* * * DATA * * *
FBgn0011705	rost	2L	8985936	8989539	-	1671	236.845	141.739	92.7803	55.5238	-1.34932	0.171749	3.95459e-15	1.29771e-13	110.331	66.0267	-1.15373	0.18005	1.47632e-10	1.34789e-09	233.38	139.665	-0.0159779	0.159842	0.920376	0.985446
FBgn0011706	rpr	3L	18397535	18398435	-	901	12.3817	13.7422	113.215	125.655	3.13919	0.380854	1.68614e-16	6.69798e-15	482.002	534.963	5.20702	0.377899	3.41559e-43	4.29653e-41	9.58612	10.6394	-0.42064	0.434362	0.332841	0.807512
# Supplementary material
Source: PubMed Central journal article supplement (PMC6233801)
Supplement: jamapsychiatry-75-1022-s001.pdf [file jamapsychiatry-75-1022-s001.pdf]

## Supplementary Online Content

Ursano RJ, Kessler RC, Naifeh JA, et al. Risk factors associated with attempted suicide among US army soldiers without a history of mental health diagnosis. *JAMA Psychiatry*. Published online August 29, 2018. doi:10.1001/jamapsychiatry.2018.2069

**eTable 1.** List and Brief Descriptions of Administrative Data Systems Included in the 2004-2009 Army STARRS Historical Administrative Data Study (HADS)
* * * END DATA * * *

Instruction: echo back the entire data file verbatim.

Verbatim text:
FBgn0011705	rost	2L	8985936	8989539	-	1671	236.845	141.739	92.7803	55.5238	-1.34932	0.171749	3.95459e-15	1.29771e-13	110.331	66.0267	-1.15373	0.18005	1.47632e-10	1.34789e-09	233.38	139.665	-0.0159779	0.159842	0.920376	0.985446
FBgn0011706	rpr	3L	18397535	18398435	-	901	12.3817	13.7422	113.215	125.655	3.13919	0.380854	1.68614e-16	6.69798e-15	482.002	534.963	5.20702	0.377899	3.41559e-43	4.29653e-41	9.58612	10.6394	-0.42064	0.434362	0.332841	0.807512
# Supplementary material
Source: PubMed Central journal article supplement (PMC6233801)
Supplement: jamapsychiatry-75-1022-s001.pdf [file jamapsychiatry-75-1022-s001.pdf]

## Supplementary Online Content

Ursano RJ, Kessler RC, Naifeh JA, et al. Risk factors associated with attempted suicide among US army soldiers without a history of mental health diagnosis. *JAMA Psychiatry*. Published online August 29, 2018. doi:10.1001/jamapsychiatry.2018.2069

**eTable 1.** List and Brief Descriptions of Administrative Data Systems Included in the 2004-2009 Army STARRS Historical Administrative Data Study (HADS)